Happy birthday, Millennium Park! Yes, the Chicago park named for the chronological milestone now 14 years in the rearview mirror is turning 10â€”it went famously over-schedule and over-budget but we love it nonetheless. Last year 4.75 million people visited Chicagoâ€™s front yard, taking in free concerts and events, and probably taking at least as many selfies with Anish Kapoor’sÂ Cloud Gate and the flowing titanium locks ofÂ Frank Gehry‘sÂ Pritzker Pavilion in the background.
In honor of the anniversary, the Chicago Department of Cultural Affairs and Special Events is kicking off a series of shows and exhibitions that includes new work from Crown Fountain designer Jaume Plensa. Hey, Jaume! Email us if you need another face for your 40-foot LED projection!
Here at AN, we’re celebrating with ten of our favorite photographs of the park taken over the past decade and more. Take a look below.
Ludwig Mies van der Roheâ€™s archetypal modernist home, the Farnsworth House, is drowning. The banks of the Fox River served as an idyllic setting for the buildingâ€™s white steel and glass when it landed in Plano, Illinois. But lately the Fox has gone rabid, spilling over its banks three times in the past 18 years. So what to do? Preservationists are looking at installing hydraulic jacks to lift the house during floods, to the tune of about $3 million. Call it the Three Million Dollar Modernist. Ironically Mies put the house on stilts to prevent such flooding; I guess you canâ€™t outwit a wily Fox.
[Editor's Note:Â The following are reader-submitted responses in reference to Chip Lordâ€™s book review of The Car in 2035: Mobility Planning in the Near Future (â€œCar Troubleâ€ AN 11_12.18.2013_West). Opinions expressed in letters to the editor do not necessarily reflect the opinions or sentiments of the newspaper.Â ANÂ welcomesÂ reader letters, which could appear in our regional print editions. To share your opinion, please firstname.lastname@example.org.Â ]
Boy, we get the shit end of every stick for being here in SoCal. Prof. Lord is right. The origami made car is the best thing hereÂ if we have to accept the reality of having cars around in 2035. The $7,000 price tag is probably the only real laugh in the book. Well done Dr. Lord.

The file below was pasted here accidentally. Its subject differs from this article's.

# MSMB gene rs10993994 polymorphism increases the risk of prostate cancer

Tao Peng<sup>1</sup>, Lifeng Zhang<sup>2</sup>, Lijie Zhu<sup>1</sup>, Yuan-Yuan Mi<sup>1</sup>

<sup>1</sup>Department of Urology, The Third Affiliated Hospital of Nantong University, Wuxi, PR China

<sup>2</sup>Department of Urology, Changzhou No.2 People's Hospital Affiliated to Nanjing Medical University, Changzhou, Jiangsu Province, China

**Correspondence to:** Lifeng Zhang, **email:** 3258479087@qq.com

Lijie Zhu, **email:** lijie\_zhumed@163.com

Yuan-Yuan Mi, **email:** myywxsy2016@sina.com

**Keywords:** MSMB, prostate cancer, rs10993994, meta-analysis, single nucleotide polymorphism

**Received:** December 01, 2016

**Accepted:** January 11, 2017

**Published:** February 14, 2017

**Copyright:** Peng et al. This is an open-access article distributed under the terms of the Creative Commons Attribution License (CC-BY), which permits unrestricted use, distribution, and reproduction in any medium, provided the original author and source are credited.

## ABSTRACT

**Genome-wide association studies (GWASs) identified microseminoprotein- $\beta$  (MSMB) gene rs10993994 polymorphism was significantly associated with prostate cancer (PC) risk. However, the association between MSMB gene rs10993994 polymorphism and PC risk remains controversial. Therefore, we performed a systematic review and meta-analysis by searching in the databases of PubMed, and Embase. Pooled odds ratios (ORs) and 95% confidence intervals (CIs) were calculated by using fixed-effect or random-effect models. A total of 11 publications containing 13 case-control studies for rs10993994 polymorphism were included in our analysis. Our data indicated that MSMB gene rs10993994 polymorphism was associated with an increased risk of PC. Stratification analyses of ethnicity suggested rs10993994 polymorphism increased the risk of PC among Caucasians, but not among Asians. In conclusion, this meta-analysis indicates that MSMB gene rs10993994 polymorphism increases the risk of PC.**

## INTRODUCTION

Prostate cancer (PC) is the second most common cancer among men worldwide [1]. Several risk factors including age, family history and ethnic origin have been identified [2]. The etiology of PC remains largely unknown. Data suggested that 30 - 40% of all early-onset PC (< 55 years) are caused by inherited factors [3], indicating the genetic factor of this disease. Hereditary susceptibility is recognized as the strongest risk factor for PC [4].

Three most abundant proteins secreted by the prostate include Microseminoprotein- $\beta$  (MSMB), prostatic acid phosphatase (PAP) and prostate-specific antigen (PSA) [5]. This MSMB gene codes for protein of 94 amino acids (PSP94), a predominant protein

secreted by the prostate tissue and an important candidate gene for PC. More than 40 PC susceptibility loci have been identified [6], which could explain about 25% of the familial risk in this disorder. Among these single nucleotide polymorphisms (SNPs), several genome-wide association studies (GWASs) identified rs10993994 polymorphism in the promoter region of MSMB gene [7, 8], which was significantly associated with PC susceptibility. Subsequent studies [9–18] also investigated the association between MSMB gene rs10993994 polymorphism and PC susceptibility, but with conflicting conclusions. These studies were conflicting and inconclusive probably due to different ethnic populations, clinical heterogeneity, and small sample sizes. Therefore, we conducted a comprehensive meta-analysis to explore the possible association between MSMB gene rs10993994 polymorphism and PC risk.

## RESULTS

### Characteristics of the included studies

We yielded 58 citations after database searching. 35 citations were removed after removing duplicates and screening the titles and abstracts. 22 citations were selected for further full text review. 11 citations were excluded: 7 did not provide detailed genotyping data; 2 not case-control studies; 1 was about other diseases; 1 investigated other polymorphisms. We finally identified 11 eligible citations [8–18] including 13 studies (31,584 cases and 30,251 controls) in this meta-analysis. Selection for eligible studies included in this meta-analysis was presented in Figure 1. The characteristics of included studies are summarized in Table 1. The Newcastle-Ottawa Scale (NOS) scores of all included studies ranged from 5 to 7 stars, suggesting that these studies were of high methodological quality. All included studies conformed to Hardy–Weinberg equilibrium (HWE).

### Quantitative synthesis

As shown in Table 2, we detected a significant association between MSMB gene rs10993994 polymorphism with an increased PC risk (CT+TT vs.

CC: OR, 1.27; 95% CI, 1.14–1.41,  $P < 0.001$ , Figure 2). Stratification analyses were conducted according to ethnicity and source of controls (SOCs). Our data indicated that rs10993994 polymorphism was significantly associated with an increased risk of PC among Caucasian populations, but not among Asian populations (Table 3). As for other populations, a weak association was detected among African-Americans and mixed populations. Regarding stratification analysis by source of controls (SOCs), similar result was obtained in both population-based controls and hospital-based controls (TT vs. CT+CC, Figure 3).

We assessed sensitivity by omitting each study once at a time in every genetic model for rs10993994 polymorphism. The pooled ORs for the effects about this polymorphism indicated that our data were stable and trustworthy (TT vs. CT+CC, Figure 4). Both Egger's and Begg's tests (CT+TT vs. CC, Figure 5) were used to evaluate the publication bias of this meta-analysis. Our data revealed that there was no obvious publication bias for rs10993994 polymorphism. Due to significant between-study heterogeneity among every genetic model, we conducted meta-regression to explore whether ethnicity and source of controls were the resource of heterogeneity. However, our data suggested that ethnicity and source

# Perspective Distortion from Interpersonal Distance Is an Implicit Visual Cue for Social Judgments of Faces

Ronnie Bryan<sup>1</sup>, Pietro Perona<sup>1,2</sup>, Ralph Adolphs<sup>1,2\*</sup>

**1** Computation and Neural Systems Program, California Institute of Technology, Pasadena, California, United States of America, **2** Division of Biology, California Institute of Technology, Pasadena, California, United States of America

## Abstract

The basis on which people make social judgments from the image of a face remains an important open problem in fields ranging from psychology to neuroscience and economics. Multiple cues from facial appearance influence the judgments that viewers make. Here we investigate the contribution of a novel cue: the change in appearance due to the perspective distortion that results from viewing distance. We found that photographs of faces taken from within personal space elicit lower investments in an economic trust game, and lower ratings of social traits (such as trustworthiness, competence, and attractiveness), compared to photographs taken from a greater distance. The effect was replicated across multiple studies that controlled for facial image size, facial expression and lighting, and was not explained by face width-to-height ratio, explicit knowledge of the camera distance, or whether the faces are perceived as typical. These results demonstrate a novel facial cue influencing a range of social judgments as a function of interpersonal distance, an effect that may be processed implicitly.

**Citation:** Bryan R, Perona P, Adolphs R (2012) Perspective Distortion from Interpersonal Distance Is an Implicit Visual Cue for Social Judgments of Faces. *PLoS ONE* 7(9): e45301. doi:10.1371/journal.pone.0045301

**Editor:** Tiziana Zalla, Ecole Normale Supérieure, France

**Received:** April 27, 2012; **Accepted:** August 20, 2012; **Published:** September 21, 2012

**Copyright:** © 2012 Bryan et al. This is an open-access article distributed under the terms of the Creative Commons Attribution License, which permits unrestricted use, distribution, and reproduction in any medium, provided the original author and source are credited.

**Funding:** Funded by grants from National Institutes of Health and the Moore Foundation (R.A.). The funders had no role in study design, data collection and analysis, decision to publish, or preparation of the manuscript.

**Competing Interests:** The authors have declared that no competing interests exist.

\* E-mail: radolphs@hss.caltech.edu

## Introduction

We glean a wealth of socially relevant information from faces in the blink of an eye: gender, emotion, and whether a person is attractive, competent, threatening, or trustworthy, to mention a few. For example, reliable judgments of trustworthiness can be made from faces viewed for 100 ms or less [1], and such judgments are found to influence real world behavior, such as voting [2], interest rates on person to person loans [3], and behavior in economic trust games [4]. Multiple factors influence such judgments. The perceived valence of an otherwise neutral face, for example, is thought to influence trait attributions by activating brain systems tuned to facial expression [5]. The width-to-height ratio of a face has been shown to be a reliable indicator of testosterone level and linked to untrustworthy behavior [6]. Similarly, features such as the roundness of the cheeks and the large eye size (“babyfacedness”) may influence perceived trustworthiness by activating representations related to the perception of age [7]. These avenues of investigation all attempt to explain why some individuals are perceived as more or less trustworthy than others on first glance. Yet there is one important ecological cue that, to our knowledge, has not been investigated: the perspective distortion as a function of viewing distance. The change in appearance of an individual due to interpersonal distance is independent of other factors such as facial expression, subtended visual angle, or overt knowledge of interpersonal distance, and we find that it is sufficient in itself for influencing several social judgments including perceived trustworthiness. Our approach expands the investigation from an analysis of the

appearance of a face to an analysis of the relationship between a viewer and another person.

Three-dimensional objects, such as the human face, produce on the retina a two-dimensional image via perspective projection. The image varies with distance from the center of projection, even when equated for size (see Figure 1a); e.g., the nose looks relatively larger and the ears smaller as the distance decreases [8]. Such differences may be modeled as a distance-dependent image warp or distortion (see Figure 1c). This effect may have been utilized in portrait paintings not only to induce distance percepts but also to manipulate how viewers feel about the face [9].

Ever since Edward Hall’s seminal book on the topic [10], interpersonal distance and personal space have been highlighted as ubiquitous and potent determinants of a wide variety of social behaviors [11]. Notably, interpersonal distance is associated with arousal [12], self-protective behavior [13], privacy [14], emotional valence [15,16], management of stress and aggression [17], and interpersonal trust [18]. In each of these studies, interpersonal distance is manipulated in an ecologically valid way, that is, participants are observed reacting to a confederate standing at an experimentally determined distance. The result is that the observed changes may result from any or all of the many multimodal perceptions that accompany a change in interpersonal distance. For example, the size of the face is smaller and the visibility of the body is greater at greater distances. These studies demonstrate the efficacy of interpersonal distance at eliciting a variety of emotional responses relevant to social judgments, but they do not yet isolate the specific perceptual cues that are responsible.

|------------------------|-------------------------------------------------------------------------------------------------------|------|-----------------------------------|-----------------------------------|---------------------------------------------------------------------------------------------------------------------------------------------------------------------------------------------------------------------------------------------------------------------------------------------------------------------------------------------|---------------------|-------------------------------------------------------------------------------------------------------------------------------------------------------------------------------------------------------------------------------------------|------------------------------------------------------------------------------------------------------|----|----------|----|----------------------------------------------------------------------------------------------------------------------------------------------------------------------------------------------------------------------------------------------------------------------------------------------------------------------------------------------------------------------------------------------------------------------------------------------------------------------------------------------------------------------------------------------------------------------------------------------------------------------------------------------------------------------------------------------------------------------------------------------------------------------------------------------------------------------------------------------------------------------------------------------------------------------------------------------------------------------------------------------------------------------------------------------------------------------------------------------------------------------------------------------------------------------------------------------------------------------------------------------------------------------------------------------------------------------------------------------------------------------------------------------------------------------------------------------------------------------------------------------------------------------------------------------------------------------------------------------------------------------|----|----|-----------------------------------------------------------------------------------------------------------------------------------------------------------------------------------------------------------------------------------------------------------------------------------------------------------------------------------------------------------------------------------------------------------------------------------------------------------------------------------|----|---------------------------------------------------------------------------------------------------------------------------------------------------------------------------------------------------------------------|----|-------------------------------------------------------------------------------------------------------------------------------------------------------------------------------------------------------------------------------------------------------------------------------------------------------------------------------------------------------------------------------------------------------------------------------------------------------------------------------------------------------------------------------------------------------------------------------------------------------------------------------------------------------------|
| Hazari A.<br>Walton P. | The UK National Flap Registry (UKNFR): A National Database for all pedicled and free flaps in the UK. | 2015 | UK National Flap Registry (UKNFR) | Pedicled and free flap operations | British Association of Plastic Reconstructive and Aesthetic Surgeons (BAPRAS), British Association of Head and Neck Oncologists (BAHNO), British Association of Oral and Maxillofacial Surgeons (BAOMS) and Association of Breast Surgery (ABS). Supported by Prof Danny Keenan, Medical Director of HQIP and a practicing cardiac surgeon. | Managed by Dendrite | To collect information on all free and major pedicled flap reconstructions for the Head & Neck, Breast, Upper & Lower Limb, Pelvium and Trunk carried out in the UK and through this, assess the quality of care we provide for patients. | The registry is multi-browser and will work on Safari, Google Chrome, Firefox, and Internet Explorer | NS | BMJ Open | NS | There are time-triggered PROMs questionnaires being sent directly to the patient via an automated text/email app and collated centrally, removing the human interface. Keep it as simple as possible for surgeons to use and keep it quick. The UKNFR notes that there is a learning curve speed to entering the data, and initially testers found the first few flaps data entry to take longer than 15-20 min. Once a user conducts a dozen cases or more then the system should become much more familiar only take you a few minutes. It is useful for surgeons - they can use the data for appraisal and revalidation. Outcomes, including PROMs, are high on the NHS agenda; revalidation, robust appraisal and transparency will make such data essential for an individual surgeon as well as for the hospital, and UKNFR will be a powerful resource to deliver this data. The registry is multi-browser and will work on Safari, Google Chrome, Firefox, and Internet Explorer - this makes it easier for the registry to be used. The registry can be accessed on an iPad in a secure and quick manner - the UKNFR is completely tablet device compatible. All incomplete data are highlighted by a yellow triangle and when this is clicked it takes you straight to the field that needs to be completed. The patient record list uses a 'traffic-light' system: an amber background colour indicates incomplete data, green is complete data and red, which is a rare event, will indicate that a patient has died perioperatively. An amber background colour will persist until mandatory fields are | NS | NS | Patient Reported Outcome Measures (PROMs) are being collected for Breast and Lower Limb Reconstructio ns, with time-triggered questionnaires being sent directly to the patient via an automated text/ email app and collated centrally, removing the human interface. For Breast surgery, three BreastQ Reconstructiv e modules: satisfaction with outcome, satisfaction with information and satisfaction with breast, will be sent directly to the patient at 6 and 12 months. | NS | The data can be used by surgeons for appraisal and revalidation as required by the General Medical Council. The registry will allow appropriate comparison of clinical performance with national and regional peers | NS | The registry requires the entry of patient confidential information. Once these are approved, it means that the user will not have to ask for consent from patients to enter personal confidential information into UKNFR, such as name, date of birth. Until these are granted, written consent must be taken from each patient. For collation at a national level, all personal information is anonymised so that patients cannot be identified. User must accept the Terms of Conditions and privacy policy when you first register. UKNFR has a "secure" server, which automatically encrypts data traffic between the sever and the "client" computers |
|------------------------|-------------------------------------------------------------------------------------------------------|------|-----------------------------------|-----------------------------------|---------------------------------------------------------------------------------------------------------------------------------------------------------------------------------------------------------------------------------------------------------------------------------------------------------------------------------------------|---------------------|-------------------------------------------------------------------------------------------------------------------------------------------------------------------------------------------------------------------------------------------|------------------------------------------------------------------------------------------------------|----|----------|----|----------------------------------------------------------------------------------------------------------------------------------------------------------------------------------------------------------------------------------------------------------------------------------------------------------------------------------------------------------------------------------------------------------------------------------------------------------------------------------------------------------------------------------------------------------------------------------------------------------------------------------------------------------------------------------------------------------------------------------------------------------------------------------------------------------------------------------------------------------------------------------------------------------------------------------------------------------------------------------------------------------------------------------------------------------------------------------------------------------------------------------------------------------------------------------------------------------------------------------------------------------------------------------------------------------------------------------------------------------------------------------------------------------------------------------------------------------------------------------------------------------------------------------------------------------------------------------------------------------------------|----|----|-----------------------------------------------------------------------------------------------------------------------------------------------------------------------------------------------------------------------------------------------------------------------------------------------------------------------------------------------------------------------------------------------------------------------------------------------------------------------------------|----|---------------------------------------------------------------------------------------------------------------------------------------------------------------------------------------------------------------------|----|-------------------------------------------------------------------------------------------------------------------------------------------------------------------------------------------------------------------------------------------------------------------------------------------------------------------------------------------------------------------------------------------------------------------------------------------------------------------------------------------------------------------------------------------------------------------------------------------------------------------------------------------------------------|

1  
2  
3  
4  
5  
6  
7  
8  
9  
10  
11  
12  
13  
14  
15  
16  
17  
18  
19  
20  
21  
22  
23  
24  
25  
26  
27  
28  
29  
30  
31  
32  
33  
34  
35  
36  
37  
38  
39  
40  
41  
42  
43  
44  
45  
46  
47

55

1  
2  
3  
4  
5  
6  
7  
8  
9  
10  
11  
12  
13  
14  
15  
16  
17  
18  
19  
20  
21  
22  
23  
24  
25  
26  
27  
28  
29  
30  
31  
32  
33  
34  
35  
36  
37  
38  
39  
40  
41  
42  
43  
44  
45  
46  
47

Tax tax tax… and eliminate the individual. Thatâ€™s the future. Not appealing.
San Diego, CA
In Las Vegas, you win some and you lose some. Lining up as what must be one of the biggest busts in Sin City history, the exceptionally-botched, Foster + Partnersâ€“designed Harmon Hotel,Â now has a date with the wrecking ball. The stubby 27-story towerâ€”it was originally supposed to measure 49 stories but construction problems Â stunted its growthâ€”never opened and no one ever checked in at what would surely have been a posh front desk.
[Editor's Note: The following are reader-submitted responseÂ toÂ the article â€œA Manifesto from the Architecture Lobbyâ€ (ProtestÂ ANÂ 01_01.22.2014_MW). Opinions expressed in letters to the editor do not necessarily reflect the opinions or sentiments of the newspaper. AN welcomes reader letters, which could appear in our regional print editions. To share your opinion, please email email@example.com. ]
I read the article, â€œA Manifesto from the Architecture Lobbyâ€ and found every single word applicable to my own situation and my own firm. While we architects enjoy the perceived honor of our profession, it undermines the vocationâ€™s viability as an occupation versus a good hobby.
Rights of Way: Mobility and the City
290 Congress Street, Suite 200
Through May 26
Rights of Way: Mobility and the City examines transportation and mobility in the global city through dozens of examples of how the city is shaped by the ways people move through it. Curated by James Graham and Meredith Miller of architecture studio MILLIGRAM-office, the exhibition seeks to demonstrate that our urban environment is a result of a complicated set of negotiations between designers, policy makers, the private sector, and individual residents.